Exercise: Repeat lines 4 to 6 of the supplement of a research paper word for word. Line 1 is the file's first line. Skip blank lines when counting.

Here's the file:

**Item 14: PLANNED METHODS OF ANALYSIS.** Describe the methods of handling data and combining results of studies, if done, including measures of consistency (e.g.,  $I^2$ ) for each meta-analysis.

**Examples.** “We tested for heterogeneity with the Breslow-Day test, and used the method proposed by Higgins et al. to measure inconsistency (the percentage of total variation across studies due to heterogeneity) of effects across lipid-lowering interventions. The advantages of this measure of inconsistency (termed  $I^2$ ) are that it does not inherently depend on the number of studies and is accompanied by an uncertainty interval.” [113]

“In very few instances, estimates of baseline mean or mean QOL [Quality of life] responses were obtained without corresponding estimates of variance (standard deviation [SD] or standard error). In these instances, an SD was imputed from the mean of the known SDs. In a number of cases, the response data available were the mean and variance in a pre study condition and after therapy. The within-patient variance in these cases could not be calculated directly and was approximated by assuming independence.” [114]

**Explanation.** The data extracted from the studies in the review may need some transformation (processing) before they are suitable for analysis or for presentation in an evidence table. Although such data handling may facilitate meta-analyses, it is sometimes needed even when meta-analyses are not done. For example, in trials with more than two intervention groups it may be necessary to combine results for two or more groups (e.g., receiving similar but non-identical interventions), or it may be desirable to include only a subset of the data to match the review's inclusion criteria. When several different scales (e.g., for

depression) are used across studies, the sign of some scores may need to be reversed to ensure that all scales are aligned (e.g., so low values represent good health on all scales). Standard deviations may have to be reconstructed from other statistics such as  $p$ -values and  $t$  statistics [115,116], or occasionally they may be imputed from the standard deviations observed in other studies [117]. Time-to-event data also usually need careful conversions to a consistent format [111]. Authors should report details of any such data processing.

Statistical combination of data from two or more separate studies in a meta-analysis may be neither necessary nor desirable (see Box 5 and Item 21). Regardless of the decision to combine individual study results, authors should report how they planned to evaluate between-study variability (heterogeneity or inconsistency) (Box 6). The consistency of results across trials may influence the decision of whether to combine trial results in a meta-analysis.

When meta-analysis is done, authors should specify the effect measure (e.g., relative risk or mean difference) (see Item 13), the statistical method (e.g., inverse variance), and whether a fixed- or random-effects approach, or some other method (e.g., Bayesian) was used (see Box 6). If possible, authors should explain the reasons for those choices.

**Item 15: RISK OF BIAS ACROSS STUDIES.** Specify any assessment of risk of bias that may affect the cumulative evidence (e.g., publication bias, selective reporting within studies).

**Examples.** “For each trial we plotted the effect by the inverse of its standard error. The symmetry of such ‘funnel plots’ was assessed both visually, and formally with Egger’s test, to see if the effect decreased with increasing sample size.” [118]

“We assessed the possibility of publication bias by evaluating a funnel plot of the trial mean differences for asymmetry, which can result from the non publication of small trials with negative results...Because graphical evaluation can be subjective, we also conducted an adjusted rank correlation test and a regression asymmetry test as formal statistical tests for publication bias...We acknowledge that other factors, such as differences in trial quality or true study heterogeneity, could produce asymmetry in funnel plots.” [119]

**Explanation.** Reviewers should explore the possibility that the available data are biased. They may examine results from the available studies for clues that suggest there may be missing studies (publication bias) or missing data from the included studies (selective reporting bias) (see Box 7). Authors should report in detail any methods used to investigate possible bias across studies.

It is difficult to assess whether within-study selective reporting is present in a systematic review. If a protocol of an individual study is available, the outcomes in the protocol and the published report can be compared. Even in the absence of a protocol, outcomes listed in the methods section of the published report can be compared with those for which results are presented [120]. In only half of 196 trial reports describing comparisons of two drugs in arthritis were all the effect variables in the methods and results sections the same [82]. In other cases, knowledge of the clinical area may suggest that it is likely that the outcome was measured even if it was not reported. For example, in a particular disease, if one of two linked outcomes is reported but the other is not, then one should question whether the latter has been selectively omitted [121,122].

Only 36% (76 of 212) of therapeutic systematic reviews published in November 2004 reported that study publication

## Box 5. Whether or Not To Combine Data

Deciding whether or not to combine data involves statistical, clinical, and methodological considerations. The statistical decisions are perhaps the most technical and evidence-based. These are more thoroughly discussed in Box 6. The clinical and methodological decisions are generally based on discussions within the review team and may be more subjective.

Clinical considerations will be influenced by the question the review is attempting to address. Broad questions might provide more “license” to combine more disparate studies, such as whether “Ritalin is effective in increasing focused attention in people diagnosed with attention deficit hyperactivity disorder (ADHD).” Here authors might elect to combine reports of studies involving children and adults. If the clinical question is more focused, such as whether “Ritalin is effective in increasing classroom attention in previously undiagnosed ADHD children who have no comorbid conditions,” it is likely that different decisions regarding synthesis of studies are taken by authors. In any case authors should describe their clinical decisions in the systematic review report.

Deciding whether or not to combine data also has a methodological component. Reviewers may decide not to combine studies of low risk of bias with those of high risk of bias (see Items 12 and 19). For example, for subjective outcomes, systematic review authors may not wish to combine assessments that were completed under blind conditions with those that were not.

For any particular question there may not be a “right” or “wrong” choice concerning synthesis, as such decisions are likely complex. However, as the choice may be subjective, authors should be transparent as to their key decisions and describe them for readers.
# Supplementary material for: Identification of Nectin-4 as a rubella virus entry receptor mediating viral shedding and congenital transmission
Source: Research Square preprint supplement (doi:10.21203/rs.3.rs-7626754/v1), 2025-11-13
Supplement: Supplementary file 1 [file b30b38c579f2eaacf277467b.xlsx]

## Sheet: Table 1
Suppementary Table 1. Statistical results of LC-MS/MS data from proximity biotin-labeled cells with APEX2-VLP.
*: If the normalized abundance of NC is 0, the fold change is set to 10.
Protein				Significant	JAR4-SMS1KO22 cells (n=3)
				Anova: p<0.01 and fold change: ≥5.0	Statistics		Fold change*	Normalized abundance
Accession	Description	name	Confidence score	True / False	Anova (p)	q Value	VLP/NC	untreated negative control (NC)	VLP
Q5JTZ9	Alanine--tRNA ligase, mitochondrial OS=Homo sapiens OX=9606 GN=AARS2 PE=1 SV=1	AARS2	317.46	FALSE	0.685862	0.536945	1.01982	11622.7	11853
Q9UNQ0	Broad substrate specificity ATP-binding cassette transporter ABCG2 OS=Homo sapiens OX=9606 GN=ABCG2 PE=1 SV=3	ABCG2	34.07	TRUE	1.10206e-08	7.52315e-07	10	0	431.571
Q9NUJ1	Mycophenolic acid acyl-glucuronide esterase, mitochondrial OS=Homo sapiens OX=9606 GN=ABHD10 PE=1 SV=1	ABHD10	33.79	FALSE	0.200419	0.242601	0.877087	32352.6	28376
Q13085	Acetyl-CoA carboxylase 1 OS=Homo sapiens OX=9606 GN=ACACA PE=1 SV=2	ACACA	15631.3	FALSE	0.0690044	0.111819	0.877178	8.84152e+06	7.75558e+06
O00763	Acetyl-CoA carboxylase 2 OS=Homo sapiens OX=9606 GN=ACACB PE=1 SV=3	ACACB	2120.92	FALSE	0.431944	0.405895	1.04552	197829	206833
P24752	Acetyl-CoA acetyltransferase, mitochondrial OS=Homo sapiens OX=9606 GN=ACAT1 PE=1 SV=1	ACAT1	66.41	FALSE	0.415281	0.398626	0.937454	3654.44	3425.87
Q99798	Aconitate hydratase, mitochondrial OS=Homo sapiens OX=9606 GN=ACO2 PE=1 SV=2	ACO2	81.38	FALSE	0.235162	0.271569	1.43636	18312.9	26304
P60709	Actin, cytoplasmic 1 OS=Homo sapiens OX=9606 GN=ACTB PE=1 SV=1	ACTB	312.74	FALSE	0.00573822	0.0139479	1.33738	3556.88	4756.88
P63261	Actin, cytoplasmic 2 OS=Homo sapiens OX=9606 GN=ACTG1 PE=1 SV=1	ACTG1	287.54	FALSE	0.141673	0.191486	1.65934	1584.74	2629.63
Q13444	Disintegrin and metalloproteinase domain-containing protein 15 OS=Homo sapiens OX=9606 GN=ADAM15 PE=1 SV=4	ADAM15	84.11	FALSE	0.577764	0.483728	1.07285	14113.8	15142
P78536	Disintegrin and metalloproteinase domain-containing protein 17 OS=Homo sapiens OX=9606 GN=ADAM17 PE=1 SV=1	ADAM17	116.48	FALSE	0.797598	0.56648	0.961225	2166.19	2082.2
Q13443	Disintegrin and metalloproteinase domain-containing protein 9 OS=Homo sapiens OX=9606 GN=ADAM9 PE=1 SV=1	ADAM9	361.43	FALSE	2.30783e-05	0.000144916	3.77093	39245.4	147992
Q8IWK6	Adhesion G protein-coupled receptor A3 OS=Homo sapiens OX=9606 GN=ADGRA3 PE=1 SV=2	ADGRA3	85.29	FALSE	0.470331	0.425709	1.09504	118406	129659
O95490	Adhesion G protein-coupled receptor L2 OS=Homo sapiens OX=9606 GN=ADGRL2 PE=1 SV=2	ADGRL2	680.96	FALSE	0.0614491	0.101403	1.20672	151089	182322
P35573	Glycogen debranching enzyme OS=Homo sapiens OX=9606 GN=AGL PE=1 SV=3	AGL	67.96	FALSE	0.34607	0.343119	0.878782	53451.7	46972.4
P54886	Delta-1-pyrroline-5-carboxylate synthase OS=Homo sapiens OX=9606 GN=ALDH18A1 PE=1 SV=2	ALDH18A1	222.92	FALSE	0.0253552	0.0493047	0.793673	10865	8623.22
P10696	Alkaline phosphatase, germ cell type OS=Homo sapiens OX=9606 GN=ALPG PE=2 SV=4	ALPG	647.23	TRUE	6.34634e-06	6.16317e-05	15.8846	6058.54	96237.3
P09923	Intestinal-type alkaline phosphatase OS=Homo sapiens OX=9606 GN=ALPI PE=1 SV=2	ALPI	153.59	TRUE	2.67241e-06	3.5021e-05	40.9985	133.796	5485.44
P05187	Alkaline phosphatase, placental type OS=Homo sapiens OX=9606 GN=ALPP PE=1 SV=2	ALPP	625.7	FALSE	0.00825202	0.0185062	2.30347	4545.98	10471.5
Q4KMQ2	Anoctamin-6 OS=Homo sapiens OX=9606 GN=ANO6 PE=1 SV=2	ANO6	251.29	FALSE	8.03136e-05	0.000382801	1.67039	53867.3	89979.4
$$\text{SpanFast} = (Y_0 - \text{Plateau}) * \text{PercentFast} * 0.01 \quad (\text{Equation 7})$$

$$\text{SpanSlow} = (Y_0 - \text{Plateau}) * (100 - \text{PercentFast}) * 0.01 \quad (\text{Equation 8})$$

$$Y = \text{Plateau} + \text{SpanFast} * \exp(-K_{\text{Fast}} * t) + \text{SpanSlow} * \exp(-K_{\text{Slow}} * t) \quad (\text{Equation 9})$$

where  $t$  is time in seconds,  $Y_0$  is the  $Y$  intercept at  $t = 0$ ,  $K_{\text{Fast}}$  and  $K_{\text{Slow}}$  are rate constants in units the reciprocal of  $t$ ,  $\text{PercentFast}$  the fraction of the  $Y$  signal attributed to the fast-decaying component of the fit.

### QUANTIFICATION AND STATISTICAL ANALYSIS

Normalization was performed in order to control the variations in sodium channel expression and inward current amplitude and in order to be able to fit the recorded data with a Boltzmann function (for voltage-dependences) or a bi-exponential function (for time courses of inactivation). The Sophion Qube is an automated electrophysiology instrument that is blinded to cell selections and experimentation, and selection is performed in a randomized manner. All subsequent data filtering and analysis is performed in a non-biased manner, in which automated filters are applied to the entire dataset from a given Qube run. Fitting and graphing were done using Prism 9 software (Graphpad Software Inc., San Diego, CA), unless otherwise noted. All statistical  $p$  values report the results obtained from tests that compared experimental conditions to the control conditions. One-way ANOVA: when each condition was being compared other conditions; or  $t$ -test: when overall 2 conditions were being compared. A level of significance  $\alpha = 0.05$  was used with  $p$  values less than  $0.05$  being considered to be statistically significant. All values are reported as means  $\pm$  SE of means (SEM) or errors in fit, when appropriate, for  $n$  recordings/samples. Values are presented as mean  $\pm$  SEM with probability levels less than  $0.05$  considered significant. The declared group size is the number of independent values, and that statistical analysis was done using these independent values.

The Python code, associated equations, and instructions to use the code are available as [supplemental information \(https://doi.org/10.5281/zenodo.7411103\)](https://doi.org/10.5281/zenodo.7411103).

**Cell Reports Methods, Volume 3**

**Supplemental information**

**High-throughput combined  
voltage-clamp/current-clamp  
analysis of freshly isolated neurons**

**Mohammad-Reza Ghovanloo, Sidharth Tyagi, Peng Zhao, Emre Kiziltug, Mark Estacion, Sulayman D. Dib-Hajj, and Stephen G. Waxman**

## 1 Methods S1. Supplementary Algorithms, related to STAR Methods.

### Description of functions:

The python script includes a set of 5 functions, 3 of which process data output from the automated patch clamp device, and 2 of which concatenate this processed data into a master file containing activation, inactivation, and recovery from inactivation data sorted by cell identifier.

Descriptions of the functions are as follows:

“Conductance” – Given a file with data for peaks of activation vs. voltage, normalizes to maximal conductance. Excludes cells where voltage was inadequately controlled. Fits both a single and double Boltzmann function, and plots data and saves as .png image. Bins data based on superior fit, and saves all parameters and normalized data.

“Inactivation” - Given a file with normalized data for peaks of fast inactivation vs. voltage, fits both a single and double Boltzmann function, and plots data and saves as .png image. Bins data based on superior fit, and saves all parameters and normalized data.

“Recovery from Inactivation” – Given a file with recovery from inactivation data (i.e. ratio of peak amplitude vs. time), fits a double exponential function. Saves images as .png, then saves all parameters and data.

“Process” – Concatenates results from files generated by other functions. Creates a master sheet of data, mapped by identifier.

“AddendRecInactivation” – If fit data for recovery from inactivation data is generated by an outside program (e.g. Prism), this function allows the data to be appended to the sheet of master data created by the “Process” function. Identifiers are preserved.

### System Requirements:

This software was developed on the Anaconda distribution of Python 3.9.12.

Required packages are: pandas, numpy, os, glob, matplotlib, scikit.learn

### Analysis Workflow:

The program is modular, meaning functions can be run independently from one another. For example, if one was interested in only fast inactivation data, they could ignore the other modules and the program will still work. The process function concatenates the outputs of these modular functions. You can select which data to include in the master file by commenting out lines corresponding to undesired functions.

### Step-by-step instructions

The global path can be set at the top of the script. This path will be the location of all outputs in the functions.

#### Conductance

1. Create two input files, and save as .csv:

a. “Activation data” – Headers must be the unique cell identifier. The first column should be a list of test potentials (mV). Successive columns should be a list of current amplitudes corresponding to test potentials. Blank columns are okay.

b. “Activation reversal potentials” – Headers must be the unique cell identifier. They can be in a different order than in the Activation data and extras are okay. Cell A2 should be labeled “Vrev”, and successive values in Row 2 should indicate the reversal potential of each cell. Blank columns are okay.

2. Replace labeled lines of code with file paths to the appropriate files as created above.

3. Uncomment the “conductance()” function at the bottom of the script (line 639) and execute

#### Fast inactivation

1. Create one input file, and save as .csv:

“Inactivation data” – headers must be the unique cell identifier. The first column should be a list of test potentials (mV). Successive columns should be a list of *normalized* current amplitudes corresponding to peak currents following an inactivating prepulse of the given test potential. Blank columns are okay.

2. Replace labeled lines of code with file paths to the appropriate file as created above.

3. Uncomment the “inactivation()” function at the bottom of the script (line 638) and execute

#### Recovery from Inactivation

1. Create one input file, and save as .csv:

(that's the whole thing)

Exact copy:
**Explanation.** The data extracted from the studies in the review may need some transformation (processing) before they are suitable for analysis or for presentation in an evidence table. Although such data handling may facilitate meta-analyses, it is sometimes needed even when meta-analyses are not done. For example, in trials with more than two intervention groups it may be necessary to combine results for two or more groups (e.g., receiving similar but non-identical interventions), or it may be desirable to include only a subset of the data to match the review's inclusion criteria. When several different scales (e.g., for

depression) are used across studies, the sign of some scores may need to be reversed to ensure that all scales are aligned (e.g., so low values represent good health on all scales). Standard deviations may have to be reconstructed from other statistics such as  $p$ -values and  $t$  statistics [115,116], or occasionally they may be imputed from the standard deviations observed in other studies [117]. Time-to-event data also usually need careful conversions to a consistent format [111]. Authors should report details of any such data processing.

Statistical combination of data from two or more separate studies in a meta-analysis may be neither necessary nor desirable (see Box 5 and Item 21). Regardless of the decision to combine individual study results, authors should report how they planned to evaluate between-study variability (heterogeneity or inconsistency) (Box 6). The consistency of results across trials may influence the decision of whether to combine trial results in a meta-analysis.